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November 12th, 2008, 5:21 am


181. alia said:


The Syrian people in Syria itself are extremely generous to charitable organizations and this is across the board. The Islamic charities receive millions of the money of the Zakat (religious tithe)the Christian Churches have been supporting whole families including housing, work opportuniies…and have been able to do good work over all.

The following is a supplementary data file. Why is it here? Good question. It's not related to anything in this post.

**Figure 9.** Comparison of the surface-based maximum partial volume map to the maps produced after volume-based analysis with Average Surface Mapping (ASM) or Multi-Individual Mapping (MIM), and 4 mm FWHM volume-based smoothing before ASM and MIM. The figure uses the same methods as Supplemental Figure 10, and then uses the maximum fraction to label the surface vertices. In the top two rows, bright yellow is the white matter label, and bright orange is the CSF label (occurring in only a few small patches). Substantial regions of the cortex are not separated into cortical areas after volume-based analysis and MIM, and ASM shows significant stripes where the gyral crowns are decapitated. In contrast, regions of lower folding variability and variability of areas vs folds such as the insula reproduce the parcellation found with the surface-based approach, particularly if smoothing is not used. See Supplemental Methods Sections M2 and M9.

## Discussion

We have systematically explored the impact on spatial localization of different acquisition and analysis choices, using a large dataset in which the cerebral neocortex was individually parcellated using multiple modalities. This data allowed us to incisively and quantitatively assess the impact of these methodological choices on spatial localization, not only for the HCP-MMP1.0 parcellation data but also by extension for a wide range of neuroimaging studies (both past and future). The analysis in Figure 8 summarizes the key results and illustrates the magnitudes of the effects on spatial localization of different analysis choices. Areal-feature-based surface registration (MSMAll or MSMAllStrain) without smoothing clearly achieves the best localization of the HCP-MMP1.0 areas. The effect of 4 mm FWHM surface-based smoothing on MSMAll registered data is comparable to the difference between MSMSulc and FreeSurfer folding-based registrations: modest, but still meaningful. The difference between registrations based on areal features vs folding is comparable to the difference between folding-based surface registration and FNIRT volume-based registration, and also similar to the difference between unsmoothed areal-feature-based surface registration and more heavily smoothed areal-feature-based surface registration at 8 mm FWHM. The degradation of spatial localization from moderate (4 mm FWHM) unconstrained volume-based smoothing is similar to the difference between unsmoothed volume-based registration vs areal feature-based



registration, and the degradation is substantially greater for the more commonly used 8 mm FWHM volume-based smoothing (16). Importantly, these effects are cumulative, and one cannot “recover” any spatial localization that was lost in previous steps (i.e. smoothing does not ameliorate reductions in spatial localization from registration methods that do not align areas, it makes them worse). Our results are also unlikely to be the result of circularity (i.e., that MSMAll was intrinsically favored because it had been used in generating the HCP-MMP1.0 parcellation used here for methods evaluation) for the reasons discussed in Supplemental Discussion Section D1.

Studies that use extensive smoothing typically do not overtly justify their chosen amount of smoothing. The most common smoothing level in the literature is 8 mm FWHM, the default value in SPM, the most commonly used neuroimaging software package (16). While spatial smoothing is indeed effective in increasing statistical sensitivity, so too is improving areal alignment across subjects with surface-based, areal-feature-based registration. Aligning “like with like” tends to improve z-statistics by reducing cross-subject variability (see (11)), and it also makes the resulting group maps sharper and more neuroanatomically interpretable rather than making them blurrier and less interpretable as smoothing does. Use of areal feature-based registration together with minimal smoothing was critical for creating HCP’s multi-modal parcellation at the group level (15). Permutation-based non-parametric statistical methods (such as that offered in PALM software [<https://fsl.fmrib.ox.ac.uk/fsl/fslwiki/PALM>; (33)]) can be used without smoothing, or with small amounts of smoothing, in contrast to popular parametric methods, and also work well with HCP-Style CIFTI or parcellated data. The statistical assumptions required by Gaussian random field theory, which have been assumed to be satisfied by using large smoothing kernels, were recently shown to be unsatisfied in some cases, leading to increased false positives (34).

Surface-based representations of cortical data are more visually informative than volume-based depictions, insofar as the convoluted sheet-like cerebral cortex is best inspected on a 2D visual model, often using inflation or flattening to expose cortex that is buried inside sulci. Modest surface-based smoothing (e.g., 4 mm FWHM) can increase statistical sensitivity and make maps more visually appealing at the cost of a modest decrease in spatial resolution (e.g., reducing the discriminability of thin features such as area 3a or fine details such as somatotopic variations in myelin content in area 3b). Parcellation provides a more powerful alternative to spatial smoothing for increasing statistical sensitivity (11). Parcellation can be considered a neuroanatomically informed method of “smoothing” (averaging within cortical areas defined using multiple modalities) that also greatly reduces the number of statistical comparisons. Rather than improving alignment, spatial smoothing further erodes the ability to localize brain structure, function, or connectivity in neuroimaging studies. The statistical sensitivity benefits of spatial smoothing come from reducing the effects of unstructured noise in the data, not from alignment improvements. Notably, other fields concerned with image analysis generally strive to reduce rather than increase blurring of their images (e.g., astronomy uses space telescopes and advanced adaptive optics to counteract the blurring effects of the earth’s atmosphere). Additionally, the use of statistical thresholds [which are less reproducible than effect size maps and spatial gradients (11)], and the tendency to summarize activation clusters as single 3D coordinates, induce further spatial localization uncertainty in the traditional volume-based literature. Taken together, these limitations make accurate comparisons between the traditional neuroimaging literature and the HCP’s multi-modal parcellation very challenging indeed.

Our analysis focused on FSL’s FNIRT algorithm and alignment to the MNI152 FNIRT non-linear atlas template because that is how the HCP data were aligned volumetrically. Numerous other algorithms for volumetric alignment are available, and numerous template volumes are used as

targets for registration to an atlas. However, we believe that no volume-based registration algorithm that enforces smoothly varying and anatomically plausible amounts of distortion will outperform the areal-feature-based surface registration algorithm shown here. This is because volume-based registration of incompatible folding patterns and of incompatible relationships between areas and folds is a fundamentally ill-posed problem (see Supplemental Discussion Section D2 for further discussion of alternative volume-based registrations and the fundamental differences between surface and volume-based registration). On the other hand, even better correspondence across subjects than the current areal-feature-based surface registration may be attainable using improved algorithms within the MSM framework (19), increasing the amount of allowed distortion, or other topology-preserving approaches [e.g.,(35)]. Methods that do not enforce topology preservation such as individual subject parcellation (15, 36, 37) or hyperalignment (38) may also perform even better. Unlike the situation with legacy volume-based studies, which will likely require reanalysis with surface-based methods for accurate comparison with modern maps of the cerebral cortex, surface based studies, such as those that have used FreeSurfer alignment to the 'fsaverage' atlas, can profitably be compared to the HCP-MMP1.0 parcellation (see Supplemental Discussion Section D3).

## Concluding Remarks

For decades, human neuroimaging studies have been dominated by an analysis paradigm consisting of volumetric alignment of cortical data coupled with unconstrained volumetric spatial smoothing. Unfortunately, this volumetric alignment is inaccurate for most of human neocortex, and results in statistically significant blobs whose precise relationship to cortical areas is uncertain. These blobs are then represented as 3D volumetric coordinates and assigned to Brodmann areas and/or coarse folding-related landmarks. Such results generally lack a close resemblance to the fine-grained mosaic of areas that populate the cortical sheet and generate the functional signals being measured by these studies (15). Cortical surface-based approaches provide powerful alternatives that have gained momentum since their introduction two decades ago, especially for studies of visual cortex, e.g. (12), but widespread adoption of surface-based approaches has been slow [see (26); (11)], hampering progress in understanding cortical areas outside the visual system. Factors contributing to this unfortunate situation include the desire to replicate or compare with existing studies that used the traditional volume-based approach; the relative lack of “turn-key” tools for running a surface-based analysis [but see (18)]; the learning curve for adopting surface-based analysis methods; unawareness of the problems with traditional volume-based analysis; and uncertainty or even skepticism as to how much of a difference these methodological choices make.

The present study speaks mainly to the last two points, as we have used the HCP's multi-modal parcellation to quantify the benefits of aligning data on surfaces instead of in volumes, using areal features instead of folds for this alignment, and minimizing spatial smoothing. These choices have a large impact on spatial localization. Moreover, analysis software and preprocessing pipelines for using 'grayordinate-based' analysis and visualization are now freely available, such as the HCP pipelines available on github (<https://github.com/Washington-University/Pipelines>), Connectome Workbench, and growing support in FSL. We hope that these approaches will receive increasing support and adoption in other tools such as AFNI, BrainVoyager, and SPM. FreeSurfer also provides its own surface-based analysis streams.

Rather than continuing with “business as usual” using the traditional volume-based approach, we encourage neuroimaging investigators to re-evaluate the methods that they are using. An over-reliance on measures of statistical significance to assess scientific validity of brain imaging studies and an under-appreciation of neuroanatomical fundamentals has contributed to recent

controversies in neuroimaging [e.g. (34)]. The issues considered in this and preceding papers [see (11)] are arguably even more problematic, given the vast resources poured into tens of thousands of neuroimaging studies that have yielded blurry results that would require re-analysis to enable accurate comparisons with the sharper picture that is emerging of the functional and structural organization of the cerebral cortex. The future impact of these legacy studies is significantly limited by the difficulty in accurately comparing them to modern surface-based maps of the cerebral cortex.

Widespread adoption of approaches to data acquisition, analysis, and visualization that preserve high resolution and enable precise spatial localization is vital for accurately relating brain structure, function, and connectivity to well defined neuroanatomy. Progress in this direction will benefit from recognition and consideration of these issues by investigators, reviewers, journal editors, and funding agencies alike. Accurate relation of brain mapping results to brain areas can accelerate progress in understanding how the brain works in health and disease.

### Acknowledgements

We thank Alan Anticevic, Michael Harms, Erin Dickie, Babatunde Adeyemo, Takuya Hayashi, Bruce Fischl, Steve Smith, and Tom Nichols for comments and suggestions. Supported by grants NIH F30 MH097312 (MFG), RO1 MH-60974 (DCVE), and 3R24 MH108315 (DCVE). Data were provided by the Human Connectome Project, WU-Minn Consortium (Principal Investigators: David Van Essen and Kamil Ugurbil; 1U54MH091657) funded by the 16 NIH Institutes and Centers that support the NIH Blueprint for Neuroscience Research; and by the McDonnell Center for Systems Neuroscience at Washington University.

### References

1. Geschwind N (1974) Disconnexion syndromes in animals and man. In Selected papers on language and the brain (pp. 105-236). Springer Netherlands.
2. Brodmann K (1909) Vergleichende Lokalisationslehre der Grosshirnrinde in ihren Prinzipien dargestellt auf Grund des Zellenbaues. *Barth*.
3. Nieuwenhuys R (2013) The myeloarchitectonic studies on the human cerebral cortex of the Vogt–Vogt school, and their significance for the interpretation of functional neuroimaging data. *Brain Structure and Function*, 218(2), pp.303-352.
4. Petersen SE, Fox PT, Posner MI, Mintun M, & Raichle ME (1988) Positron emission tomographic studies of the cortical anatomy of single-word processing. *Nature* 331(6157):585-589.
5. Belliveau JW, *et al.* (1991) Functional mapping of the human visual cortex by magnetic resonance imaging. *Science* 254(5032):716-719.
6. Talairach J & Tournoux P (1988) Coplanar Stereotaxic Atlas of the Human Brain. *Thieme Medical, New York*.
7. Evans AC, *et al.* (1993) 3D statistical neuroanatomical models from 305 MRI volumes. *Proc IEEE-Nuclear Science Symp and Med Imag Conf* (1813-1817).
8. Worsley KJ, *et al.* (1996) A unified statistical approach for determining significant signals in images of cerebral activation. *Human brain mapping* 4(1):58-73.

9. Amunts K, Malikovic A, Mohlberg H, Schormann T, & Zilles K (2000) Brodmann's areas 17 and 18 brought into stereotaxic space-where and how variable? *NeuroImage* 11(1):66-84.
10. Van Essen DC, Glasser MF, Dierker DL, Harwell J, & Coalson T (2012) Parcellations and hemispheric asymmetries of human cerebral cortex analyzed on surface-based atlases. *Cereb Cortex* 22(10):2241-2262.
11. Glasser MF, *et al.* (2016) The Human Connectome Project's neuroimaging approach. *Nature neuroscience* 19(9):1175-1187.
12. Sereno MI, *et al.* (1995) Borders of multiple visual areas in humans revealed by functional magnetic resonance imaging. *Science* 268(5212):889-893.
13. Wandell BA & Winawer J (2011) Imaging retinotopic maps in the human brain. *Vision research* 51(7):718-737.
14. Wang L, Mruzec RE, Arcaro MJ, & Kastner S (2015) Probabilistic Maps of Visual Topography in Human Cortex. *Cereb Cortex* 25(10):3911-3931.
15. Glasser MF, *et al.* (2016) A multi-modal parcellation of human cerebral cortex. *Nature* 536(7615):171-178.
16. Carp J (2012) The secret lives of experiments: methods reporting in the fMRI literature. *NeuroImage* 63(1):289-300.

The WHO has had several ongoing major initiatives most notably the one for the eradication of tuberculosis that has been ongoing since the 1960’s. But we are plagued with internal problems, bureaucracy and lack of infrastructure to support charitable organizations that have to put everything in place before being able to do the work they set up to do. They need more freedom of action and at the same time more support; it is happening but on a much smaller scale than what is needed.

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November 12th, 2008, 9:15 am


182. Off the Wall said:

Dear Alia